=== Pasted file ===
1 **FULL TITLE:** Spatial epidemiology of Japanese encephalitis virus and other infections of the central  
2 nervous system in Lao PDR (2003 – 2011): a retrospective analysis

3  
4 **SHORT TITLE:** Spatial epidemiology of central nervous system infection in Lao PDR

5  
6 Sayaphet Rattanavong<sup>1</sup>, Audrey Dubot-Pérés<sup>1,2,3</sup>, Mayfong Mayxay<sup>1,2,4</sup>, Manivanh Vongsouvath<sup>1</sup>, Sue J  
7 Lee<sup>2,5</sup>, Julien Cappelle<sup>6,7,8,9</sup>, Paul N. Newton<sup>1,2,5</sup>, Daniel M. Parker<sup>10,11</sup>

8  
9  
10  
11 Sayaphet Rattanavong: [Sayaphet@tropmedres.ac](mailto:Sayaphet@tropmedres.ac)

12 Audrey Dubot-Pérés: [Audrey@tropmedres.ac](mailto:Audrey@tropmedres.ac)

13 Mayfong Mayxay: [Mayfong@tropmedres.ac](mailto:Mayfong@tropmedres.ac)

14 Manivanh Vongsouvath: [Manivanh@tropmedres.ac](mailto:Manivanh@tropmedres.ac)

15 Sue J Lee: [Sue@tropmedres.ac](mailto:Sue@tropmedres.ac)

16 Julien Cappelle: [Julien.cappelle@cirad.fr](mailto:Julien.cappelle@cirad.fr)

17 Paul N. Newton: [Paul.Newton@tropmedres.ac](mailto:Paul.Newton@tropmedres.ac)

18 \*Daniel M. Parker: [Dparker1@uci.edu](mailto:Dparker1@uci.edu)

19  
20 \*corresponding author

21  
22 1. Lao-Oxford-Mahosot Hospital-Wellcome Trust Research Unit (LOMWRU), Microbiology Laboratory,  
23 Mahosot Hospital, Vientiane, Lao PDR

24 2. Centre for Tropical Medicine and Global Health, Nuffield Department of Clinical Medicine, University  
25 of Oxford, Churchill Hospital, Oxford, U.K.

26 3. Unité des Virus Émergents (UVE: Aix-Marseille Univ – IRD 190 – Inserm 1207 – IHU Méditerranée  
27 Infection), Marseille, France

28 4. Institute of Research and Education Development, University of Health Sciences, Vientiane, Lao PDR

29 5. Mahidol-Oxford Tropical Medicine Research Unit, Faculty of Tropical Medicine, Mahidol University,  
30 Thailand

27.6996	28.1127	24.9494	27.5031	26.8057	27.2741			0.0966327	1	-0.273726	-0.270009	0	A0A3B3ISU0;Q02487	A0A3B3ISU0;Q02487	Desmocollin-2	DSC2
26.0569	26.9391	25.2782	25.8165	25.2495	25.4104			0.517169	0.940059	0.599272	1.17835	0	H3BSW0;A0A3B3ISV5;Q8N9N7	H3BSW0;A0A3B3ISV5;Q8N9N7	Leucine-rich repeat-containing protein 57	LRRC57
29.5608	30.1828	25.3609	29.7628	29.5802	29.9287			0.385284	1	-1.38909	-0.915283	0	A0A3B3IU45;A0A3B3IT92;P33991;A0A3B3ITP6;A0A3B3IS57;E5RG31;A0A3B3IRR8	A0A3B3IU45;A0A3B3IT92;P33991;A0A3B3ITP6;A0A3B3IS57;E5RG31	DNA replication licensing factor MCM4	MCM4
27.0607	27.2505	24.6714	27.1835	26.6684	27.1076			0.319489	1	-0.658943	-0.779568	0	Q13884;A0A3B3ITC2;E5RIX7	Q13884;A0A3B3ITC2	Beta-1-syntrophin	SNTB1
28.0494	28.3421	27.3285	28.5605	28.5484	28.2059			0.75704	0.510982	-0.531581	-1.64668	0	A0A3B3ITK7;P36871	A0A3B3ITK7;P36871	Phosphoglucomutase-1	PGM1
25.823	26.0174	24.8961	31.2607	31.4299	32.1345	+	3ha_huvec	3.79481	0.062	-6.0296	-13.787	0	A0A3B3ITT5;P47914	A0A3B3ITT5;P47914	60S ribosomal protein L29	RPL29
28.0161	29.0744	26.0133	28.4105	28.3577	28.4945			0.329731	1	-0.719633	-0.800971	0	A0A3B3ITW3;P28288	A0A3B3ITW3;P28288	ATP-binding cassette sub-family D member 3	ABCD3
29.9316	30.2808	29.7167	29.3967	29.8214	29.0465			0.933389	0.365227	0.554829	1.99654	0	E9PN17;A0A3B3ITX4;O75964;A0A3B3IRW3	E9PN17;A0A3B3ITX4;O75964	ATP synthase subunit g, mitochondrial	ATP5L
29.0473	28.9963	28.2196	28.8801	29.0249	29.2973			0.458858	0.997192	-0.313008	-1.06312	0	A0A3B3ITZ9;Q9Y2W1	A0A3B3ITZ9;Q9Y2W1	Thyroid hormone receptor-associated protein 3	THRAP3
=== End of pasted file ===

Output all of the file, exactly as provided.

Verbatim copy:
1 **FULL TITLE:** Spatial epidemiology of Japanese encephalitis virus and other infections of the central  
2 nervous system in Lao PDR (2003 – 2011): a retrospective analysis

3  
4 **SHORT TITLE:** Spatial epidemiology of central nervous system infection in Lao PDR

5  
6 Sayaphet Rattanavong<sup>1</sup>, Audrey Dubot-Pérés<sup>1,2,3</sup>, Mayfong Mayxay<sup>1,2,4</sup>, Manivanh Vongsouvath<sup>1</sup>, Sue J  
7 Lee<sup>2,5</sup>, Julien Cappelle<sup>6,7,8,9</sup>, Paul N. Newton<sup>1,2,5</sup>, Daniel M. Parker<sup>10,11</sup>

8  
9  
10  
11 Sayaphet Rattanavong: [Sayaphet@tropmedres.ac](mailto:Sayaphet@tropmedres.ac)

12 Audrey Dubot-Pérés: [Audrey@tropmedres.ac](mailto:Audrey@tropmedres.ac)

13 Mayfong Mayxay: [Mayfong@tropmedres.ac](mailto:Mayfong@tropmedres.ac)

14 Manivanh Vongsouvath: [Manivanh@tropmedres.ac](mailto:Manivanh@tropmedres.ac)

15 Sue J Lee: [Sue@tropmedres.ac](mailto:Sue@tropmedres.ac)

16 Julien Cappelle: [Julien.cappelle@cirad.fr](mailto:Julien.cappelle@cirad.fr)

17 Paul N. Newton: [Paul.Newton@tropmedres.ac](mailto:Paul.Newton@tropmedres.ac)

18 \*Daniel M. Parker: [Dparker1@uci.edu](mailto:Dparker1@uci.edu)

19  
20 \*corresponding author

21  
22 1. Lao-Oxford-Mahosot Hospital-Wellcome Trust Research Unit (LOMWRU), Microbiology Laboratory,  
23 Mahosot Hospital, Vientiane, Lao PDR

24 2. Centre for Tropical Medicine and Global Health, Nuffield Department of Clinical Medicine, University  
25 of Oxford, Churchill Hospital, Oxford, U.K.

26 3. Unité des Virus Émergents (UVE: Aix-Marseille Univ – IRD 190 – Inserm 1207 – IHU Méditerranée  
27 Infection), Marseille, France

28 4. Institute of Research and Education Development, University of Health Sciences, Vientiane, Lao PDR

29 5. Mahidol-Oxford Tropical Medicine Research Unit, Faculty of Tropical Medicine, Mahidol University,  
30 Thailand

27.6996	28.1127	24.9494	27.5031	26.8057	27.2741			0.0966327	1	-0.273726	-0.270009	0	A0A3B3ISU0;Q02487	A0A3B3ISU0;Q02487	Desmocollin-2	DSC2
26.0569	26.9391	25.2782	25.8165	25.2495	25.4104			0.517169	0.940059	0.599272	1.17835	0	H3BSW0;A0A3B3ISV5;Q8N9N7	H3BSW0;A0A3B3ISV5;Q8N9N7	Leucine-rich repeat-containing protein 57	LRRC57
29.5608	30.1828	25.3609	29.7628	29.5802	29.9287			0.385284	1	-1.38909	-0.915283	0	A0A3B3IU45;A0A3B3IT92;P33991;A0A3B3ITP6;A0A3B3IS57;E5RG31;A0A3B3IRR8	A0A3B3IU45;A0A3B3IT92;P33991;A0A3B3ITP6;A0A3B3IS57;E5RG31	DNA replication licensing factor MCM4	MCM4
27.0607	27.2505	24.6714	27.1835	26.6684	27.1076			0.319489	1	-0.658943	-0.779568	0	Q13884;A0A3B3ITC2;E5RIX7	Q13884;A0A3B3ITC2	Beta-1-syntrophin	SNTB1
28.0494	28.3421	27.3285	28.5605	28.5484	28.2059			0.75704	0.510982	-0.531581	-1.64668	0	A0A3B3ITK7;P36871	A0A3B3ITK7;P36871	Phosphoglucomutase-1	PGM1
25.823	26.0174	24.8961	31.2607	31.4299	32.1345	+	3ha_huvec	3.79481	0.062	-6.0296	-13.787	0	A0A3B3ITT5;P47914	A0A3B3ITT5;P47914	60S ribosomal protein L29	RPL29
28.0161	29.0744	26.0133	28.4105	28.3577	28.4945			0.329731	1	-0.719633	-0.800971	0	A0A3B3ITW3;P28288	A0A3B3ITW3;P28288	ATP-binding cassette sub-family D member 3	ABCD3
29.9316	30.2808	29.7167	29.3967	29.8214	29.0465			0.933389	0.365227	0.554829	1.99654	0	E9PN17;A0A3B3ITX4;O75964;A0A3B3IRW3	E9PN17;A0A3B3ITX4;O75964	ATP synthase subunit g, mitochondrial	ATP5L
29.0473	28.9963	28.2196	28.8801	29.0249	29.2973			0.458858	0.997192	-0.313008	-1.06312	0	A0A3B3ITZ9;Q9Y2W1	A0A3B3ITZ9;Q9Y2W1	Thyroid hormone receptor-associated protein 3	THRAP3